How Money Can Change People and Affect Their Behavior
Going from rags to riches is essentially the American Dream. Whether it’s through a better-paying job or winning the lottery, some studies suggest that money can change your behavior, and not always for the better. Of course, there are many charitable, helpful and generous people.
However, the results of some studies have shown that they may be the exception rather than the rule. Your thoughts, behavior, and actions are all tied to your psychology, which is made up of a number of factors ranging from your genetic makeup to how you were raised.
While money doesn’t exactly shape your belief system, it can influence the way you think and act toward others. Gaining a better understanding of the influence that money, or lack thereof, can have on your behavior can make you more aware of when you might be pulling your strings and hopefully help you learn how to stop it.
Ways Money Affects Behavior
From your relationships to the way you see yourself, cash can have a big influence on your beliefs. There are numerous pieces of scientific evidence behind the idea that money really can change people.
1. Social and Business Value
study showed that money alters the way you value your time and effort. Researchers James Heyman and Dan Ariely created an experiment whereby they could measure how motivated a person was to complete a task based on money. Subjects were asked to drag circles across a computer screen. One group was asked to do this as a “favor.”
Another group was asked to do it for $0.50 and the last group was offered $5. After the subjects were timed, it was actually the group that was asked to perform the task as a favor that did it the fastest. Next was the $5 pool and last was the $0.50 pool.
Heyman and Ariely surmised that there are two motivations for completing a given task. The first is social. Recognizing the social value of a task, we see it as a valuable investment of time and a part of our social duty, and we are usually happy to help. However, when money is offered as motivation, we begin to think less about the social aspect and more about the commercial value. So, we measured our time against the monetary reward, which may be why the $0.50 group was the slowest: they simply thought their time and effort was worth more money.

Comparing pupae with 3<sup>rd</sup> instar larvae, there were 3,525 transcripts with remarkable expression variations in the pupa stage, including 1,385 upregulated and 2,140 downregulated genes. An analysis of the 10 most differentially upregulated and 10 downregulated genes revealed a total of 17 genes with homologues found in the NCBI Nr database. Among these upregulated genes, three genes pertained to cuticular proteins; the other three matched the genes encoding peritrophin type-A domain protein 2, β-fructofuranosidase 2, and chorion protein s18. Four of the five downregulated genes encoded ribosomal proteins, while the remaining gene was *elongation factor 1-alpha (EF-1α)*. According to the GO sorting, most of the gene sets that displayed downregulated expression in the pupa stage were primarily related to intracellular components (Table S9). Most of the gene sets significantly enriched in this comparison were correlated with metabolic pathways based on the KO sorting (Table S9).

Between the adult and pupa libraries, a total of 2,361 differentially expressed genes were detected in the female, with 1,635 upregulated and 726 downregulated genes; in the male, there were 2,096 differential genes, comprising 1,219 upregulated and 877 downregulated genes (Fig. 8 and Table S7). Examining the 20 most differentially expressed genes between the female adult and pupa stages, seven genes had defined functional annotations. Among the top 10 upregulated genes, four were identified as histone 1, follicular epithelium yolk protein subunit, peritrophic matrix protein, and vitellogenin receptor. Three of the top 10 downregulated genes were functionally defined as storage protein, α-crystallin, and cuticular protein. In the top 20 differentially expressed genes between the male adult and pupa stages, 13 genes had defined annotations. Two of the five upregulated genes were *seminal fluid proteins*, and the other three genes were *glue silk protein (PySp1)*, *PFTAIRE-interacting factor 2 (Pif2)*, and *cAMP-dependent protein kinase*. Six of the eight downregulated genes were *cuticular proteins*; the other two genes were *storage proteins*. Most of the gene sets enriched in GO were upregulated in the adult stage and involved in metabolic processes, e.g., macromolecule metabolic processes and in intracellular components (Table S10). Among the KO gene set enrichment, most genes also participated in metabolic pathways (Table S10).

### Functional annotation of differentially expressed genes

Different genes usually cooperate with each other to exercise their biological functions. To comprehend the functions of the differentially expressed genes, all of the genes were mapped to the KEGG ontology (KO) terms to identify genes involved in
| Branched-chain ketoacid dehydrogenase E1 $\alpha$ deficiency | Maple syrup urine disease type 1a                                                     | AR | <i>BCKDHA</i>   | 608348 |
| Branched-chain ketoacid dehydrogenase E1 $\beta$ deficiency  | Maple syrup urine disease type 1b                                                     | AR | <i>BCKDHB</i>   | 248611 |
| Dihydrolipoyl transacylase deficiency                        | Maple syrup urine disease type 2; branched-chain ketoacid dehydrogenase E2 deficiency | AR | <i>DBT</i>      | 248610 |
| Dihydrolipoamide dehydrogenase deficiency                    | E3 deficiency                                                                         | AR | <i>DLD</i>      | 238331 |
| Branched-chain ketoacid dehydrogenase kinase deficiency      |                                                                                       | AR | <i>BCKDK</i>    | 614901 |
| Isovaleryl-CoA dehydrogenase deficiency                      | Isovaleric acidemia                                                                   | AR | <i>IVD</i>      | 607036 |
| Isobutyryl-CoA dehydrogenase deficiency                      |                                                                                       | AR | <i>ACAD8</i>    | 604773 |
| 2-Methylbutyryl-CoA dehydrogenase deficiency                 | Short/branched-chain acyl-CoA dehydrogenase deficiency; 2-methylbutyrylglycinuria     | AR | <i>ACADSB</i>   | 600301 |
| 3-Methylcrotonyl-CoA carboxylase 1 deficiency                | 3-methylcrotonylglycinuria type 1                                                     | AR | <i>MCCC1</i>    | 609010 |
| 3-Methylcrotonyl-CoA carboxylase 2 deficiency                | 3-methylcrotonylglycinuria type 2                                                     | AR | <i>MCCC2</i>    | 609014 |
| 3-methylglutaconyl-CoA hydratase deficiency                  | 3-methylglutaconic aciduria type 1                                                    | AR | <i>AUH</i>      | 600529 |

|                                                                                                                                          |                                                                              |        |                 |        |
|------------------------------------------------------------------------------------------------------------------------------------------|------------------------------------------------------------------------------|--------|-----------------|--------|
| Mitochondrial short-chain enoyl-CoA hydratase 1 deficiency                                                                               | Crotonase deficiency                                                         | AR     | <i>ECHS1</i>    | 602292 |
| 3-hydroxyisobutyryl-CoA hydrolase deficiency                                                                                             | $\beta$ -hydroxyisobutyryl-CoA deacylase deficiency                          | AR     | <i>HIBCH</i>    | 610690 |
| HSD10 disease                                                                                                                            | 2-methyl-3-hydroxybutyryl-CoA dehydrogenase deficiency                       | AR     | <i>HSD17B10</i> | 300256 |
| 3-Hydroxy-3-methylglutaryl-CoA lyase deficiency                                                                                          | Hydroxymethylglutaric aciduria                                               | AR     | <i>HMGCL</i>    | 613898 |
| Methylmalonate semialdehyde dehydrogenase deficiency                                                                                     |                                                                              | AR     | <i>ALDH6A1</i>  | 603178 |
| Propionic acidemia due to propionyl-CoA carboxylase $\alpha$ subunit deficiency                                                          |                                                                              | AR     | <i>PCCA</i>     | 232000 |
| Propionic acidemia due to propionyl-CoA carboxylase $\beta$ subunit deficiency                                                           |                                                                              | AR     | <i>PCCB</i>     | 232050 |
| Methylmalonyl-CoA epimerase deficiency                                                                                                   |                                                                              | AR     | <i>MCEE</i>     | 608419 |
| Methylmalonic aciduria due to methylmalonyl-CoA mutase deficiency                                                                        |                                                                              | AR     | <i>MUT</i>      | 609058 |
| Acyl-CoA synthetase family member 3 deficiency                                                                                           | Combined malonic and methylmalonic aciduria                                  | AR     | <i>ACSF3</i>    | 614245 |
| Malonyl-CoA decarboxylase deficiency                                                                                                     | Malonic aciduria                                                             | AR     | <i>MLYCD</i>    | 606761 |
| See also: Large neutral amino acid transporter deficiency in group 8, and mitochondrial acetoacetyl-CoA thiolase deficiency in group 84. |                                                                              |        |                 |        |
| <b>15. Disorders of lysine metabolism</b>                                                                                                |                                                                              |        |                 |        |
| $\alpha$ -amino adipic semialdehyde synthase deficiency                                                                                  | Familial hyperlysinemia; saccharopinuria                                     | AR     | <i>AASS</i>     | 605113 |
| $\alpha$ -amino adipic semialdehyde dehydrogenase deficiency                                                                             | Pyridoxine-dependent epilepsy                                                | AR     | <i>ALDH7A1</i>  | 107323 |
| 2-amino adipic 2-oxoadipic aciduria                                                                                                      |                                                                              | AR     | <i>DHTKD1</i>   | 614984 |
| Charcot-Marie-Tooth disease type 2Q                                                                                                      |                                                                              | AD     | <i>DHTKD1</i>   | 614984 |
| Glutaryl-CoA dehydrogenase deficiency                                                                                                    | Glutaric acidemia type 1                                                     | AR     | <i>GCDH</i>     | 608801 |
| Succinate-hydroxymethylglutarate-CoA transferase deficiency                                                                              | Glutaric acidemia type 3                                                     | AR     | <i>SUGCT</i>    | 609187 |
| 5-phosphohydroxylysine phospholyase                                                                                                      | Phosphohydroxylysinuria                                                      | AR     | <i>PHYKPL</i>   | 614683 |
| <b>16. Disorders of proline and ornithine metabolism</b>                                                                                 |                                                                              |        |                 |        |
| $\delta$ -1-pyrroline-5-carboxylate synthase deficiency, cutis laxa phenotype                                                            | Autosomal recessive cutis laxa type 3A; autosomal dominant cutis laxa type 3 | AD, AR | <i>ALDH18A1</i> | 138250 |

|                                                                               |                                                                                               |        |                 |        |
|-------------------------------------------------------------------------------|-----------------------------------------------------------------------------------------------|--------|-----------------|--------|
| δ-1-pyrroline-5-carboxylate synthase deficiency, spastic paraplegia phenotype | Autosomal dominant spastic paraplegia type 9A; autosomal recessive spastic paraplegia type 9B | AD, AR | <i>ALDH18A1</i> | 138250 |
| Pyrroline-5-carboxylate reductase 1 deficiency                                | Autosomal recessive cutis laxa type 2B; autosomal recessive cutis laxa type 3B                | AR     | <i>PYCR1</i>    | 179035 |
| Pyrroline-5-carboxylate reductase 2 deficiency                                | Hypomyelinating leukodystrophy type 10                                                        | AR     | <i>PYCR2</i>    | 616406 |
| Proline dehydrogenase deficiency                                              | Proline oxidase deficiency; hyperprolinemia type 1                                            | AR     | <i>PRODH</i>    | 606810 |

It is clear to see that money can be a motivator when it comes to determining value. While doing something for free as a favor has a positive connotation, that part of the brain shuts down when money is introduced. This could have serious repercussions on your work life. If you feel you deserve more money, you may underperform as a result.
2. Self-Reliance and Service
Those who are money-conscious generally strive to be more self-sufficient than those for whom money is not a priority, at least that’s what a 2009 Yale School of Management study found. The studio was structured around Monopoly money. One group of subjects entered a room that had various reminders of money, such as Monopoly cash on the table, statements about money, and even financial conversations. The second group of subjects entered a room where money was not mentioned, and both received a test.
When given a very difficult or even impossible task, with instructions that help was available, it was the money-related group that seemed most determined to do the job alone, even when it was not possible to complete the task alone. The penniless group, on the other hand, tended to ask for help. The study concluded that money-conscious people are more self-sufficient than their peers, particularly when money is the center of attention.
The Yale study went on to measure how money affected a person’s behavior using the same groups to illustrate compassion and service in both money-worried subjects and subjects in a money-free environment. When a seemingly uninvolved person crossed their path with a bunch of folders and pencils and then dropped them, it was the group that wasn’t reminded of the money that was most helpful. The group worried about money was less likely to offer and seek help with a task.
3. Self view